# How to Calculate Maturity Risk Premiums

By Fool.com

One of the dangers of investing in a long-term bond is the potential for it to lose value before it comes due. When you buy a bond, you're essentially lending an entity (such as a company or municipality) money in exchange for regular interest payments. The bond issuer is obligated to pay you interest until your bond matures, at which point the issuer must return your principal as well.

If you invest in a bond with a two-year maturity date, then you'll get your principal back in two years if all goes according to plan. On the other hand, if you invest in a 30-year bond, you'll need to wait 30 years before your principal is repaid. Because a lot can happen over the course of 30 years, investing in a 30-year bond is riskier than investing in a shorter-term bond, all other things (like credit rating) being equal.

Over the course of many years, a company or municipality can run into financial troubles, for example, increasing the risk that your principal will not be repaid fully -- or at all. Additionally, when you invest in a long-term bond, you're taking on what's known as "interest rate risk." Over time, there's a good chance that interest rates will rise, and when that happens, bond values tend to fall. For this reason, investors need added incentives to purchase long-term bonds.

This is where maturity risk premiums come into play.

A maturity risk premium is the amount of extra return you'll see on your investment by purchasing a bond with a longer maturity date. Maturity risk premiums are designed to compensate investors for taking on the risk of holding bonds over a lengthy period of time. Generally speaking, the longer the time until maturity, the higher the maturity risk premium.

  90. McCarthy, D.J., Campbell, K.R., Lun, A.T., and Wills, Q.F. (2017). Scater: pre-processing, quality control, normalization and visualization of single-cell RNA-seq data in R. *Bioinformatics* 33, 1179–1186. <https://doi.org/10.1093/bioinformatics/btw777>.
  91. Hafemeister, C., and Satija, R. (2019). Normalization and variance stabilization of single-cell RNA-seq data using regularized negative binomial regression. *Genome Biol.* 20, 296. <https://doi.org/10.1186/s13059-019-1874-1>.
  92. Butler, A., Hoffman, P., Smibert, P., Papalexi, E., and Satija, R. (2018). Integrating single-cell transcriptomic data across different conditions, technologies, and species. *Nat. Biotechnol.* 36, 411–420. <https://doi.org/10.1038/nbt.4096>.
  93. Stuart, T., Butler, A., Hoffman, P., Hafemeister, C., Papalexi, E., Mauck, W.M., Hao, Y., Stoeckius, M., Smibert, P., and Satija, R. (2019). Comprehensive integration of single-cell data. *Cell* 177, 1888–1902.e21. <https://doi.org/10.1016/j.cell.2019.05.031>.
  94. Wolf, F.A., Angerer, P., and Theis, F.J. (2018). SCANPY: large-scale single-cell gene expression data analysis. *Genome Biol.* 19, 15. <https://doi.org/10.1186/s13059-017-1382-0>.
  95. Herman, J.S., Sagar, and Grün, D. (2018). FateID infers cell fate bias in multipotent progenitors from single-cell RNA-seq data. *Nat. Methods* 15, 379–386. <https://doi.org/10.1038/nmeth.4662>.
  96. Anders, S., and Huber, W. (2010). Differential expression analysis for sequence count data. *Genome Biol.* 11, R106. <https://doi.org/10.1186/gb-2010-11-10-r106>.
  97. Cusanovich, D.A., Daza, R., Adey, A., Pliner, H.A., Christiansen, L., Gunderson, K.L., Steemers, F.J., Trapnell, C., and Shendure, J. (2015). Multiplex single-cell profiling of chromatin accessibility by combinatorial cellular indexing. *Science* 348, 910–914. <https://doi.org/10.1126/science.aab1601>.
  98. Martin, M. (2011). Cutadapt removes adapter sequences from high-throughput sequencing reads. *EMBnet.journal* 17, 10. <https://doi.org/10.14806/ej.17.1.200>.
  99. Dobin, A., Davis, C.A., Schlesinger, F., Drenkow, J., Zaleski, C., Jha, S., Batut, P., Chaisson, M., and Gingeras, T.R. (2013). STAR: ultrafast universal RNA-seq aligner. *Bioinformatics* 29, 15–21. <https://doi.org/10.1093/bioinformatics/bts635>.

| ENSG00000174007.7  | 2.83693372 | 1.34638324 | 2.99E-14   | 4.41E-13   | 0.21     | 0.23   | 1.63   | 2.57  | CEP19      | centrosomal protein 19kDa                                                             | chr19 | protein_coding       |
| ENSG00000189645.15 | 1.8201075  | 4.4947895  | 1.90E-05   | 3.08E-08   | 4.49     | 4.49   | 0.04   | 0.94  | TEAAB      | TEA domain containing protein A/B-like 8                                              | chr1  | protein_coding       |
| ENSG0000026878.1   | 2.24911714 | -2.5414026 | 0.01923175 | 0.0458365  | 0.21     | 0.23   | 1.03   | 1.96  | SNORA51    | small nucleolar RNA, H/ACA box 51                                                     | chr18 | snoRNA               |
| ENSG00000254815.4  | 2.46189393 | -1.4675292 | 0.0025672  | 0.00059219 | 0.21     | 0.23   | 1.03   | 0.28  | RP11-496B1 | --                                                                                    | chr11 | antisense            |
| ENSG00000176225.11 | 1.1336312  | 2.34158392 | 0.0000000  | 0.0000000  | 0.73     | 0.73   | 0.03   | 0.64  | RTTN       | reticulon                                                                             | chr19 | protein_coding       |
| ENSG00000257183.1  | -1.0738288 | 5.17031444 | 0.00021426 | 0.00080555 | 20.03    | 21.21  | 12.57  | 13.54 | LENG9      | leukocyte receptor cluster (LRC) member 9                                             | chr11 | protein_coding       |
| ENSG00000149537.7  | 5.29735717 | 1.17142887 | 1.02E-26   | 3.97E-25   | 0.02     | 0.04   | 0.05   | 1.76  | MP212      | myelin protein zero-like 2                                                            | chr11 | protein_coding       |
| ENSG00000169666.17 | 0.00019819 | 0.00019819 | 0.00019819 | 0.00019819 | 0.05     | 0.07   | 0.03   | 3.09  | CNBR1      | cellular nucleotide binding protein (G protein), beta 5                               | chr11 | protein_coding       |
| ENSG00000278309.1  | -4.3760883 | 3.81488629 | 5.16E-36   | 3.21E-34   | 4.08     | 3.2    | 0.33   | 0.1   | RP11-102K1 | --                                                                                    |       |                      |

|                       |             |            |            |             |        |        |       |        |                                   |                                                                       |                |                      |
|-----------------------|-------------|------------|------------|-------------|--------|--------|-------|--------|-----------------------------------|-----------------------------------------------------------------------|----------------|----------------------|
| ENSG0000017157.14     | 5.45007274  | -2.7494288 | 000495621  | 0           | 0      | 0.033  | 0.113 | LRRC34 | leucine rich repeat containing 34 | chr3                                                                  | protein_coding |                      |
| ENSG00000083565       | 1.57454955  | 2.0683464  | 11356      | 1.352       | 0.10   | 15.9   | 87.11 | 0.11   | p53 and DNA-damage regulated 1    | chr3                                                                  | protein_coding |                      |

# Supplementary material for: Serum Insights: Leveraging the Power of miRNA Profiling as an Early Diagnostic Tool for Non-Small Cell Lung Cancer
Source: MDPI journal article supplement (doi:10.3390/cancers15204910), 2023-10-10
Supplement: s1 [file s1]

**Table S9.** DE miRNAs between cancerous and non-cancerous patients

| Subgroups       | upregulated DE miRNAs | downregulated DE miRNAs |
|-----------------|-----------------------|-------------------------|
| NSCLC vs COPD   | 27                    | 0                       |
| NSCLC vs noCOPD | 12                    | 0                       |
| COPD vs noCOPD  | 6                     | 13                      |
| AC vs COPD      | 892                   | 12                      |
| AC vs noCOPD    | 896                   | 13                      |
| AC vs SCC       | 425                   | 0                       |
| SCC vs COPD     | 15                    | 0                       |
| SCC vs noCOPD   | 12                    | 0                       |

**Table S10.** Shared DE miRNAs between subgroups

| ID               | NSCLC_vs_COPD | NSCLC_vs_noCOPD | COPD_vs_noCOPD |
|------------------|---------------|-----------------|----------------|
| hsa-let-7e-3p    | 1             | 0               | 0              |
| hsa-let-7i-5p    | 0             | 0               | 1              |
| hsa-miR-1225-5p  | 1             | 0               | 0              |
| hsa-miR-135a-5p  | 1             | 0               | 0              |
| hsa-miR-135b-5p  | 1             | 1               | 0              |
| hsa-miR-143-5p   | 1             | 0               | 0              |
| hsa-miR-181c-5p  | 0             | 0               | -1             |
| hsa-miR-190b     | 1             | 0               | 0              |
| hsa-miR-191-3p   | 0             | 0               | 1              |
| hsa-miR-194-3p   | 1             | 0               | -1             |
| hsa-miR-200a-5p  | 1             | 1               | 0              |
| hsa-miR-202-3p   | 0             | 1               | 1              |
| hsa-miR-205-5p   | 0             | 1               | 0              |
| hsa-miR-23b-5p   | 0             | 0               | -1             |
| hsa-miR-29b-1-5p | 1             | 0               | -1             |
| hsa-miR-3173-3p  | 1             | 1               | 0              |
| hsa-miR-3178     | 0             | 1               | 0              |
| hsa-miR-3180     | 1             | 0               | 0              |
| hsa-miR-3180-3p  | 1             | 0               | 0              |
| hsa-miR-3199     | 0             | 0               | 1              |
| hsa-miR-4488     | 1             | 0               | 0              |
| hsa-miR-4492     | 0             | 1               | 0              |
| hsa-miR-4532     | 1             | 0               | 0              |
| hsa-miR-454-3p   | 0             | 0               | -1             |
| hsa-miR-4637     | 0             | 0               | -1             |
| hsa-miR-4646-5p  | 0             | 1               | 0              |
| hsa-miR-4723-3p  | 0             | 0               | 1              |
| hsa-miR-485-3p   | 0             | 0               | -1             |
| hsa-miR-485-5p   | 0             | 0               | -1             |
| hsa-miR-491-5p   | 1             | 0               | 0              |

Calculating maturity risk premiumTo figure out the maturity risk premium for your investment, you'll start by identifying the bond you wish to purchase and the maturity date it comes with. For our purposes, let's assume you wish to purchase a 10-year bond.

Next, you'll need to find the yield for risk-free securities with the same duration as the bond you're looking to buy. Treasury securities are considered risk-free because they're backed by the U.S. government. From there, you'll need to find and subtract the rate of the one-year Treasury bill from that of the 10-year Treasury bond. This represents the minimum risk premium for buying a bond with a 10-year maturity.

Let's say the current yield on a one-year Treasury bill is 0.51%, and the current yield on a 10-year Treasury bond is 1.71%. If we subtract 0.51% from 1.71%, we arrive at 1.2% as a baseline maturity risk premium for 10-year bonds.

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